Yes. It’s true. Another person is now free of the dangerous HIV disease after undergoing a stem cell transplant. The Lancet HIV revealed on Tuesday that the second ever person to be cured of HIV is still free from the virus after more than 30 months after stopping the antiretroviral therapy following a stem cell, or bone marrow, transplant to treat a type of blood cancer.
Adam Castillejo, 40, was diagnosed with HIV in 2003 and had been on medication to keep the disease in check since 2012. He was known as the “London patient “until he decided to reveal his identity. Originally from Venezuela, who made it to the headlines when researchers at Cambridge University informed that there was no trace of the virus causing AIDS in his blood for 18 months. He also had blood cancer.
Timothy Brown, also known as the “Berlin patient“, the first person to be cleared of the virus, underwent a similar treatment for acute myelogenous leukemia. Both underwent chemotherapy, but Brown had to undergo radiotherapy too as a part of his treatment.
Ravindra Gupta, a lead author of the study published in The Lancet HIV, said the new test results were “even more remarkable” and likely demonstrated the patient was cured. Castillejo’s treatment was a “last resort” as his blood cancer would probably have killed him without intervention, according to Gupta.
How does it work?
CCR5 is a commonly used receptor by HIV-1, the virus strain of HIV that prevails around the world to enter cells. There are a small number of people who are resistant to HIV as they have two mutated copies of the CCR5 receptor. This means that the virus cannot penetrate the cells in the body it infects in general.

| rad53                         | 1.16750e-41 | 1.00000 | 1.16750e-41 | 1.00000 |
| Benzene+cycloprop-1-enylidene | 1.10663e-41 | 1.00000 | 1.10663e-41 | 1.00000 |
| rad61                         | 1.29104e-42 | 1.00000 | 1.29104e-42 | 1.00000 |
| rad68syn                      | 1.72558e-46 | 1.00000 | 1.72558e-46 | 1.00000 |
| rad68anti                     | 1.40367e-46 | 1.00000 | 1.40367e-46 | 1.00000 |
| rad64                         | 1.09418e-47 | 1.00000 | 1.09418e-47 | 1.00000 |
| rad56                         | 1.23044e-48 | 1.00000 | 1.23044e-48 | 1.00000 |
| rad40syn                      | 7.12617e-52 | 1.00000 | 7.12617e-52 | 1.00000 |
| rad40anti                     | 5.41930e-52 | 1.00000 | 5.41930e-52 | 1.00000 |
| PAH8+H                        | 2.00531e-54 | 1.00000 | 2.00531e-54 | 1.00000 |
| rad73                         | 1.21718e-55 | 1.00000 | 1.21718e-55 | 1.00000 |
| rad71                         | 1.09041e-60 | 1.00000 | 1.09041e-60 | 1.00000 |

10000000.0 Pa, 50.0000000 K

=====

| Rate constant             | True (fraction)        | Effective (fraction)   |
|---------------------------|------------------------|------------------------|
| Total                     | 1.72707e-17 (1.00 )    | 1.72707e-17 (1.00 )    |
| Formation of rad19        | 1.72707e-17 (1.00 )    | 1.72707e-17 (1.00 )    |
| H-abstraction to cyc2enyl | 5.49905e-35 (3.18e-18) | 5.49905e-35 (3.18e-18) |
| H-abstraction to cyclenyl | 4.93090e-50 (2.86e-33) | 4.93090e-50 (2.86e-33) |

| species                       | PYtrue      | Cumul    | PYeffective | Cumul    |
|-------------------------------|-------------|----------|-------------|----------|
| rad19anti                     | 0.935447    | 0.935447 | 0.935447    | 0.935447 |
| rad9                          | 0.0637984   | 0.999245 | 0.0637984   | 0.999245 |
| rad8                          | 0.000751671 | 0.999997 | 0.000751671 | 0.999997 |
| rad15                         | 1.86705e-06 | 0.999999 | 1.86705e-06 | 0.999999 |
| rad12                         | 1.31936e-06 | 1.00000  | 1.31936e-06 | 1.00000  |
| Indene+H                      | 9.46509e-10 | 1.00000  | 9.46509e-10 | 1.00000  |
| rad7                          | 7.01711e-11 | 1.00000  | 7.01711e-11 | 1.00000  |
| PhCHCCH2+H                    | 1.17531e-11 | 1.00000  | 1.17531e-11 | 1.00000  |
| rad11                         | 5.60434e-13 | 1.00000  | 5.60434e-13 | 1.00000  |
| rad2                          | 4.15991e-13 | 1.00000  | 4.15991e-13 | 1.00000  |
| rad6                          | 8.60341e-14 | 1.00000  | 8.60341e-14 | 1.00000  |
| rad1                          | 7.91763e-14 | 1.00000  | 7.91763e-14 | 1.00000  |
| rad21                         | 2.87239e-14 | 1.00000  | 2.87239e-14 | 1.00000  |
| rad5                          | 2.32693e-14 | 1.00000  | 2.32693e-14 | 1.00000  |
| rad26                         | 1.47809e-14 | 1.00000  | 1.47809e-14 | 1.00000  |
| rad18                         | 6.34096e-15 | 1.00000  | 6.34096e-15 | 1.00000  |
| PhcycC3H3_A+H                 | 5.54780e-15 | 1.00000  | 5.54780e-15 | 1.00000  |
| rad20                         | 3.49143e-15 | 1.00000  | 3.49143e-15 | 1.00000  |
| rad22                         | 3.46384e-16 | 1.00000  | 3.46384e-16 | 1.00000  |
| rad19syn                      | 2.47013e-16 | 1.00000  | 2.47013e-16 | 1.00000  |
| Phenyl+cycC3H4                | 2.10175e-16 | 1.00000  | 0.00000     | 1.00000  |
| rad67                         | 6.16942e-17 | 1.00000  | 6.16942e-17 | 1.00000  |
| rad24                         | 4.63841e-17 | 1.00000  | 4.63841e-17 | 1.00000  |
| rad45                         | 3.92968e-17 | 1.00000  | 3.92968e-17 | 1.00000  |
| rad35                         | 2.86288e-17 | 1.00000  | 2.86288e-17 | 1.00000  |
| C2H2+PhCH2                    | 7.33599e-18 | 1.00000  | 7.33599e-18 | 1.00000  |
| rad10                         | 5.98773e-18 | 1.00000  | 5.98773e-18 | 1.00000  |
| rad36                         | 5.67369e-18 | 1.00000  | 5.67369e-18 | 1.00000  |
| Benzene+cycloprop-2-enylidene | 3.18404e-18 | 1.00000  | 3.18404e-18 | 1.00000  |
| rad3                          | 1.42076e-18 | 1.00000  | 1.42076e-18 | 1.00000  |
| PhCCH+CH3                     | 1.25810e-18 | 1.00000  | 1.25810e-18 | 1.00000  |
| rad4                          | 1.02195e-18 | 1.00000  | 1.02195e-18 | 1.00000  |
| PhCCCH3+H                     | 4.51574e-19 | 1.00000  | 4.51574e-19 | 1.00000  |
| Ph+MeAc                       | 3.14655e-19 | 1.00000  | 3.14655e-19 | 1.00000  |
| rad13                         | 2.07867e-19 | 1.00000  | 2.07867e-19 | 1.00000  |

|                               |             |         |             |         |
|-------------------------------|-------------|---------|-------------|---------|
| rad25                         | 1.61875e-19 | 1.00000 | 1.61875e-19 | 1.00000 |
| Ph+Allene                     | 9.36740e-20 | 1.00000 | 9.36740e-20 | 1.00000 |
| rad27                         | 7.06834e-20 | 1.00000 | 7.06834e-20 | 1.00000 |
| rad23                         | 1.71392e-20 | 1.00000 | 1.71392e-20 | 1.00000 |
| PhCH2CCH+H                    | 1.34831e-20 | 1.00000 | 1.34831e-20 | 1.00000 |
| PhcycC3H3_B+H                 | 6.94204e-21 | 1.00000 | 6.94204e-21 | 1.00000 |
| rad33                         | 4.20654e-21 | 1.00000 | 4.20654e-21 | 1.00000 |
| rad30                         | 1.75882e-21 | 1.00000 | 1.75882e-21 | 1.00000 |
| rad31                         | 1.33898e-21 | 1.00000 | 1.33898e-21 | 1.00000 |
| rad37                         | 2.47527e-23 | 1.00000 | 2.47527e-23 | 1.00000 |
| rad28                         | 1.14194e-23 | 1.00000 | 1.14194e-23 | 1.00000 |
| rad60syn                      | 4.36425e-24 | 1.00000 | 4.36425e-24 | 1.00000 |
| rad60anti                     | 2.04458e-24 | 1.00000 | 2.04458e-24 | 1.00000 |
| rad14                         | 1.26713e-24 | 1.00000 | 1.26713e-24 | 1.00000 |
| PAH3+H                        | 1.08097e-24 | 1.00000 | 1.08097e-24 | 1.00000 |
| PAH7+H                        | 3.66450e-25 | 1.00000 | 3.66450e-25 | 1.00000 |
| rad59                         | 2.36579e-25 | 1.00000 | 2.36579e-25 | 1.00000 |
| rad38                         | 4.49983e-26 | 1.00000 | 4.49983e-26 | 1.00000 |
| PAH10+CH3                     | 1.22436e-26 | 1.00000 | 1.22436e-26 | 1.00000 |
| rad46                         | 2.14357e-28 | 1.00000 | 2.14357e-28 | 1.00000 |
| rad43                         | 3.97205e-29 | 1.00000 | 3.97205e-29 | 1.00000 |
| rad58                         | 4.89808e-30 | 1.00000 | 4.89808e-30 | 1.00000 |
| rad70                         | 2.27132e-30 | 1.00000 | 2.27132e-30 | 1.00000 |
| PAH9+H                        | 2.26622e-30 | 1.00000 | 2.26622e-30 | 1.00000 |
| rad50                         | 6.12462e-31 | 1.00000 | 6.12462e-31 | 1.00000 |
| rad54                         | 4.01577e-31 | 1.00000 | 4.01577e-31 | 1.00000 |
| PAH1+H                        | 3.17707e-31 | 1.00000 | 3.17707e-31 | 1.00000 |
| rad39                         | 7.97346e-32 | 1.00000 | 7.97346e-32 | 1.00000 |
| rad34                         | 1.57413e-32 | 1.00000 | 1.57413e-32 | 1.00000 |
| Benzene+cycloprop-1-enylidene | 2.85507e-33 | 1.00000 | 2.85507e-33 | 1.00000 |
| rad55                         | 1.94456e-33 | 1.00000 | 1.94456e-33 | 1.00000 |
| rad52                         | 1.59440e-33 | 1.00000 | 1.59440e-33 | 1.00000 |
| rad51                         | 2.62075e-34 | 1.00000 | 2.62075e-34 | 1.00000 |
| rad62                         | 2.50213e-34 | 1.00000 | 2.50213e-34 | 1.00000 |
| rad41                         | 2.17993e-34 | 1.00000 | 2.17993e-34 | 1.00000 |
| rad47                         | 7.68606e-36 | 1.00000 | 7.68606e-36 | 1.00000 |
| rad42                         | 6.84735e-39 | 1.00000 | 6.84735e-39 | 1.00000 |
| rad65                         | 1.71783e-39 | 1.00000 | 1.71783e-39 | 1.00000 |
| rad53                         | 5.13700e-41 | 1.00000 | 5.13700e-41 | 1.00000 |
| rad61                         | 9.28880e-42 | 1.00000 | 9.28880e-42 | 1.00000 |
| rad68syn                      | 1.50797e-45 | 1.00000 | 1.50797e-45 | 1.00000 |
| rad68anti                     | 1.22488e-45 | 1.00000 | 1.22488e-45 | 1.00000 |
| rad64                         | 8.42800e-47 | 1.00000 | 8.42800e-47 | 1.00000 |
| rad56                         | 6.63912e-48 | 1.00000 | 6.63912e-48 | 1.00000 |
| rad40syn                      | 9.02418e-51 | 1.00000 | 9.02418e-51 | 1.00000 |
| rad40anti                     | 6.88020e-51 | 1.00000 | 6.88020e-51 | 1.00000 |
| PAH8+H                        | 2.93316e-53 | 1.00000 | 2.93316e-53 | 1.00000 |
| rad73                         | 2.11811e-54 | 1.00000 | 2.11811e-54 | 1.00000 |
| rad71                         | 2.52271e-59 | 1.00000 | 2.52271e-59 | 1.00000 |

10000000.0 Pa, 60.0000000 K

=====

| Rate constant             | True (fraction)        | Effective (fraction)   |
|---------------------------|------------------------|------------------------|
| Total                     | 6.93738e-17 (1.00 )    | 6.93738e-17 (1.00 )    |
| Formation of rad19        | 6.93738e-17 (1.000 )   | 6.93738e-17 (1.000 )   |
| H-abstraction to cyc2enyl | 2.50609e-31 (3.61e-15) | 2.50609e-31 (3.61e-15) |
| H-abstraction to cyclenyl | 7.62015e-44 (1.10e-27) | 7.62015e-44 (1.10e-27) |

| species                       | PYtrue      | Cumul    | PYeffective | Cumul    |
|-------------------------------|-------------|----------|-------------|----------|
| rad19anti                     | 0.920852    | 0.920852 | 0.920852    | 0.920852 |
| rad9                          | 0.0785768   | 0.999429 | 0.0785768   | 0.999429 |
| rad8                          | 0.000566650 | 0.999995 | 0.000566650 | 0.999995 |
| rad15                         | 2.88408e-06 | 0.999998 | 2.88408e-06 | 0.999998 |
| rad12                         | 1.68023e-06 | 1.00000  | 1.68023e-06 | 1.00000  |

Researchers also said that it could be possible to use gene therapy to target the CCR5 receptor in people with HIV.
Is it a permanent cure?
Even though the cure was done in cases where patients had cancers, applying the same with others is still not verified.
Gupta also added that researchers are currently weighing up whether or not patients suffering from drug-resistant forms of HIV might be eligible for stem cell transplants in the future. Moreover, he further said that stem cell transplants were not suitable for most people with HIV, as it included dangerous and invasive procedures that carried risks.
Nonetheless, Gupta said, the new findings were significant. “It is the second case of a cure. It means the first one wasn’t an anomaly or a fluke.”
Sharon Lewin, an infectious disease expert at the University of Melbourne and a member of the International AIDS Society, said Castillejo’s case was “exciting.”
“But we also need to place it in context – curing people of HIV via a bone marrow transplant is just not a viable option on any scale,” she said. She also noted that the absence of a virus, in this case, was exciting and encouraging, but it is time which tells us whether he is truly cured.” It looks promising,” she mentioned in an article linked to the paper.
An ambassador for hope
After being cured, Castillejo wanted to reveal his identity. He said that his experience had motivated him to come forward and identify himself in order to spread awareness.” I want to be an ambassador of Hope. I don’t want people to think, ‘Oh, you’ve been chosen.’ No, it just happened. I was in the right place, probably at the right time, when it happened.”, he said.
This is a unique position to be in, a unique and very humbling position,” he told The New York Times. “I want to be an ambassador of Hope.” He also wanted others to be optimistic and thus lead a happier life.